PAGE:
• Netflix and Vudu got all cranky a few months ago and will no longer stream dependably through a VPN so we cannot get all the American content we want in Italy. Luckily Amazon Prime Video works most of the time.
  • Family and friends and easy visits with the people we love. We have had a wonderful time hosting people here, but it’s not as easy as having a monthly dinner date. I miss my girlfriend time (Voyageur Femmes, I am speaking of you!). Looking ahead to Thanksgiving in Seattle and Christmas in Durango!
  • The Portland Farmers’ Market. While it’s only held on Wednesdays and Saturdays, and it’s only there for 9 months of the year, it’s a lot of fun. I am looking forward to finding more options to buy direct from the farmer and not only the produce but also meat and poultry. Santa Rosa-style burrito, anyone?
  • Talbots, Nordstrom, Zappos, and Amazon.com. I love online shopping. Period. Nothing more to say.
  • Pinot Noir from Oregon. There is wonderful wine in Italy, of course, and it is inexpensive, but Oregon Pinot Noir is something special. In the U.S., we can get wine from anywhere in the world. In Italy, you get wine from Italy.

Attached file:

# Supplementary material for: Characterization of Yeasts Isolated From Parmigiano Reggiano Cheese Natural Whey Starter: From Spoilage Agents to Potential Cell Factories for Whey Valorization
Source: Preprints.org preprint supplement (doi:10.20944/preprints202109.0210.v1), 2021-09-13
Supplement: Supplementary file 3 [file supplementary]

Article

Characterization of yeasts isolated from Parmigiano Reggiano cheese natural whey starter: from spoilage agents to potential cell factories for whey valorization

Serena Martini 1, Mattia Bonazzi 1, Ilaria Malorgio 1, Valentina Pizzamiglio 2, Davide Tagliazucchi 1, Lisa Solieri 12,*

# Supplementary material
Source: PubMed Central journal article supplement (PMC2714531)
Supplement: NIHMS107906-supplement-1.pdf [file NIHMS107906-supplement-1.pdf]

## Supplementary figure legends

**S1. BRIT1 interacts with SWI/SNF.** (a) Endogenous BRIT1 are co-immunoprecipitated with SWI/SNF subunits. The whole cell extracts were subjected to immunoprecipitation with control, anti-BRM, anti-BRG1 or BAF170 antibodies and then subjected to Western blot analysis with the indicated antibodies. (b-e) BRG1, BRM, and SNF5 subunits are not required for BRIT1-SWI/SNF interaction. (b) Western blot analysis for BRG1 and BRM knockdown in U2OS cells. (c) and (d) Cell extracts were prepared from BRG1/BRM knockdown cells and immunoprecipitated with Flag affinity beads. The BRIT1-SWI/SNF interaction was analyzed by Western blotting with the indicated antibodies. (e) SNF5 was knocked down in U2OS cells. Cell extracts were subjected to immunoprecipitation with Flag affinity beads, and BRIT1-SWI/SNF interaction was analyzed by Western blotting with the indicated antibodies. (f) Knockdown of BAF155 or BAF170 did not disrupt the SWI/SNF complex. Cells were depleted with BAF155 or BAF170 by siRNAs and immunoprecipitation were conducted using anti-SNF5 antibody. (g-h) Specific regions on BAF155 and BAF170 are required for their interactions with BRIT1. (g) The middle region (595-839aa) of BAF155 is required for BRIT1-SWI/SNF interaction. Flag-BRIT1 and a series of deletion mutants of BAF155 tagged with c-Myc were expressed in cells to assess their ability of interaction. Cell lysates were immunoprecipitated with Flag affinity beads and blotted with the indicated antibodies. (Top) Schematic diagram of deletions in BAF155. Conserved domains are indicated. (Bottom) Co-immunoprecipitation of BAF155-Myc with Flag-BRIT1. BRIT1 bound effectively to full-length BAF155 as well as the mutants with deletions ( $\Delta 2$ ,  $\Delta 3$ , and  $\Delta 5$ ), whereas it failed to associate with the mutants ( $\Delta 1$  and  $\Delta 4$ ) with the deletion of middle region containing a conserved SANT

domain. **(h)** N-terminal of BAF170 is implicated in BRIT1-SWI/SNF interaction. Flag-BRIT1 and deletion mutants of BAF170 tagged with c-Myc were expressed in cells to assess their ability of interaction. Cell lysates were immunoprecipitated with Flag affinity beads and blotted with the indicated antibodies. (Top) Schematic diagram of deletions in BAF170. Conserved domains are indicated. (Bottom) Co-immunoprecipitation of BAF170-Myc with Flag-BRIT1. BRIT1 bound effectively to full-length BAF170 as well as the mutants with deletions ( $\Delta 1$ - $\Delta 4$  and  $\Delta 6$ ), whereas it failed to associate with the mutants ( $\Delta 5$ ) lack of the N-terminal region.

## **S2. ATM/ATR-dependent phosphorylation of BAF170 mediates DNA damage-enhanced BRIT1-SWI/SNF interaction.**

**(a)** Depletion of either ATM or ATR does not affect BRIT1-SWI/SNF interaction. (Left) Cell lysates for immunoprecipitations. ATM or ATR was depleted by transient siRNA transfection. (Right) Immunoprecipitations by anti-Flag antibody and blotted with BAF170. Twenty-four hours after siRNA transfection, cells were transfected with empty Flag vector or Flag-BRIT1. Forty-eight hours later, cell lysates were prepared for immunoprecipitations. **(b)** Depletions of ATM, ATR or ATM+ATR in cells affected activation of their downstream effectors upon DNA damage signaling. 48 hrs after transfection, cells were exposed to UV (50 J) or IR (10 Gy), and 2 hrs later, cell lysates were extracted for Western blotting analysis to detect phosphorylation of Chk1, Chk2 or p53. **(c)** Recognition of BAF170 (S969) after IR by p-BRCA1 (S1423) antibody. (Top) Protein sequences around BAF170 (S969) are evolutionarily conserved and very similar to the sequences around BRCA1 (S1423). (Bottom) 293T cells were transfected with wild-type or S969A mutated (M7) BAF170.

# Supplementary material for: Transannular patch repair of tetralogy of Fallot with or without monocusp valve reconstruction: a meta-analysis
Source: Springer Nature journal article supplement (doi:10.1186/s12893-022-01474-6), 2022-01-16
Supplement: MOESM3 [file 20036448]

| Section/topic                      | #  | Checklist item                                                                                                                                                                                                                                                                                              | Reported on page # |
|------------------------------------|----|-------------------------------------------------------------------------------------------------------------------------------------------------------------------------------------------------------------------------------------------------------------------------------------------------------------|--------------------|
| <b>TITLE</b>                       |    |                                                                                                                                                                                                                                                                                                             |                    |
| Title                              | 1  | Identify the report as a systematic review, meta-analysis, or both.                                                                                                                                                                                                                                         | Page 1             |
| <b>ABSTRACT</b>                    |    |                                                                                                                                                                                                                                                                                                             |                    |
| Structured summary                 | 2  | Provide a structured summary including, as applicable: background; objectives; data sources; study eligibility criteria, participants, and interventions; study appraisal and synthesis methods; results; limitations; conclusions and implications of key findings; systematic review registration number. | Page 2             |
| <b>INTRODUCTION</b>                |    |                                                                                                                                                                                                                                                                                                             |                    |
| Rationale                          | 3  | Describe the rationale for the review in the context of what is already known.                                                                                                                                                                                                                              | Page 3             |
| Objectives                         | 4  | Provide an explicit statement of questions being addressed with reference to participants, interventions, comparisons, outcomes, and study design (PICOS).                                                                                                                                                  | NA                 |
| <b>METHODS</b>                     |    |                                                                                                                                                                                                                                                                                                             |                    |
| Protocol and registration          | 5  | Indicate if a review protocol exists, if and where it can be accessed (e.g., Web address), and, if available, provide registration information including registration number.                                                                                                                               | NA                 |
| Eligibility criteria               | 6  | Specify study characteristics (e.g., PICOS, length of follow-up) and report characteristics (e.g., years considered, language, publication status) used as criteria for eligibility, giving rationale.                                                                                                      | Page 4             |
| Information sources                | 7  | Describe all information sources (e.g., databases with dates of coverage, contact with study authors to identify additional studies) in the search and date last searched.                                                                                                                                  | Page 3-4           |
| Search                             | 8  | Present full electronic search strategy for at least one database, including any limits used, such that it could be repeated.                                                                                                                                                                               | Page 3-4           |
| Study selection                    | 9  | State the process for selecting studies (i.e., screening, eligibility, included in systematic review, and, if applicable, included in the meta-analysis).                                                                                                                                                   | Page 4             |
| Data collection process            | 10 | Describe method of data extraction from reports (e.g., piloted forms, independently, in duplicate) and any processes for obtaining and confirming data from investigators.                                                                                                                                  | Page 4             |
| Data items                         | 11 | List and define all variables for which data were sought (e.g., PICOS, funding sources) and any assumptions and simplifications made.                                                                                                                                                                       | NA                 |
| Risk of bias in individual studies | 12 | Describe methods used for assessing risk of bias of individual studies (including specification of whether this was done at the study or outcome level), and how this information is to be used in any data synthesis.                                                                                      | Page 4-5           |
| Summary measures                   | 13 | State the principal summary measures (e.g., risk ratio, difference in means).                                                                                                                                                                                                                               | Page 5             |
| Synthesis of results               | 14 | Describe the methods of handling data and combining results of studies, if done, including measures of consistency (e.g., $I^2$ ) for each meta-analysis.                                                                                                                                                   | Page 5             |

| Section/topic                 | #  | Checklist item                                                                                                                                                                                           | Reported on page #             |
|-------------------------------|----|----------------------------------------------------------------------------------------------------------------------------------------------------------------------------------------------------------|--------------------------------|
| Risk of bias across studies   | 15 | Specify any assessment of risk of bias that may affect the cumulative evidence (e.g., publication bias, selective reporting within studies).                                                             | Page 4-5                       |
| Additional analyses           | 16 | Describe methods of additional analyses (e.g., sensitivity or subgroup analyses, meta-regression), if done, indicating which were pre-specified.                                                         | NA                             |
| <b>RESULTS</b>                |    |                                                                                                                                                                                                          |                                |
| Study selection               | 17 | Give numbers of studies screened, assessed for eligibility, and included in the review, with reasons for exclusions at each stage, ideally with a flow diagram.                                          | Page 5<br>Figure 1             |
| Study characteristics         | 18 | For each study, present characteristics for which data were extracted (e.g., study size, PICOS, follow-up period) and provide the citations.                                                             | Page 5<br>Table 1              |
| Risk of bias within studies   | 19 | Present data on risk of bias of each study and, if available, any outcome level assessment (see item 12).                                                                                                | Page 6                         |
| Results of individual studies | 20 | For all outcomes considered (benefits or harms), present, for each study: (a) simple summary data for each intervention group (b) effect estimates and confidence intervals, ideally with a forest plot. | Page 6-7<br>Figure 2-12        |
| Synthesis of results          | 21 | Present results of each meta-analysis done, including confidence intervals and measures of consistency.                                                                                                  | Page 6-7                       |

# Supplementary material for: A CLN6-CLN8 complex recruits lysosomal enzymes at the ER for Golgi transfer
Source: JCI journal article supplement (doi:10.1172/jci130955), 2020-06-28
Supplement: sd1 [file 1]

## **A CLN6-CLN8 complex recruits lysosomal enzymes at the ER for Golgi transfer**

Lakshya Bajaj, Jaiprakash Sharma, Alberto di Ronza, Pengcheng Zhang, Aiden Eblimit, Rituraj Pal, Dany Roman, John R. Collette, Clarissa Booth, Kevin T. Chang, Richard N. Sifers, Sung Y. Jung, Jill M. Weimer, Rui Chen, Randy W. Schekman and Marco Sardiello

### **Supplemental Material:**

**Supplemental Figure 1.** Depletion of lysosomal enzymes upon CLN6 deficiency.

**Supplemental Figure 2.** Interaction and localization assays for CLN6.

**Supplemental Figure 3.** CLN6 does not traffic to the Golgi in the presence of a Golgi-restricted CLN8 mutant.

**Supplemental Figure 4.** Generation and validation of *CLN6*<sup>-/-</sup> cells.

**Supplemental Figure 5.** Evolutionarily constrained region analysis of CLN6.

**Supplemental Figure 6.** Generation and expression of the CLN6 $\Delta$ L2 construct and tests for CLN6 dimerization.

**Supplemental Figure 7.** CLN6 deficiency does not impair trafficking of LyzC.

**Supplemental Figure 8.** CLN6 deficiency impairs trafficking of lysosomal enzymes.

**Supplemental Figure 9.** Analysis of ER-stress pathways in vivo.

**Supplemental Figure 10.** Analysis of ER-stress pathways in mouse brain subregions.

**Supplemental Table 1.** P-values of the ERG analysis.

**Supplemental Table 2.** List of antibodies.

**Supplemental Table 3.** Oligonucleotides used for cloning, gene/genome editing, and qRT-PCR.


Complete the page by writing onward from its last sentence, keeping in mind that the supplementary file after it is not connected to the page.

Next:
• Going out to breakfast now-and-then. (Hashbrowns and bacon!) No one in Italy knows how to make a decent omelet. Frittata, yes, but not omelets. Hashbrowns do not exist outside of the commissary at the U.S. Embassy, and I don’t have access to that anymore. However, I don’t think Ric nor I can down the big breakfast these days. We’ll have to split a portion. 
  • Reading the Sunday paper. Such a nice thing to do on a Sunday morning. I might wait until after the election, though. Well after. 
We are packed. The last shipment through Mail Boxes Etc. was dropped off today. We have the travel certificate for Janie Gray. Now, what have I forgotten?

What I dread about returning to the U.S.

23 Oct
22 October 2016. I listed my beefs with Roma the other day. Turnabout is fair play, so here are the things I am not looking forward to in gli stati uniti.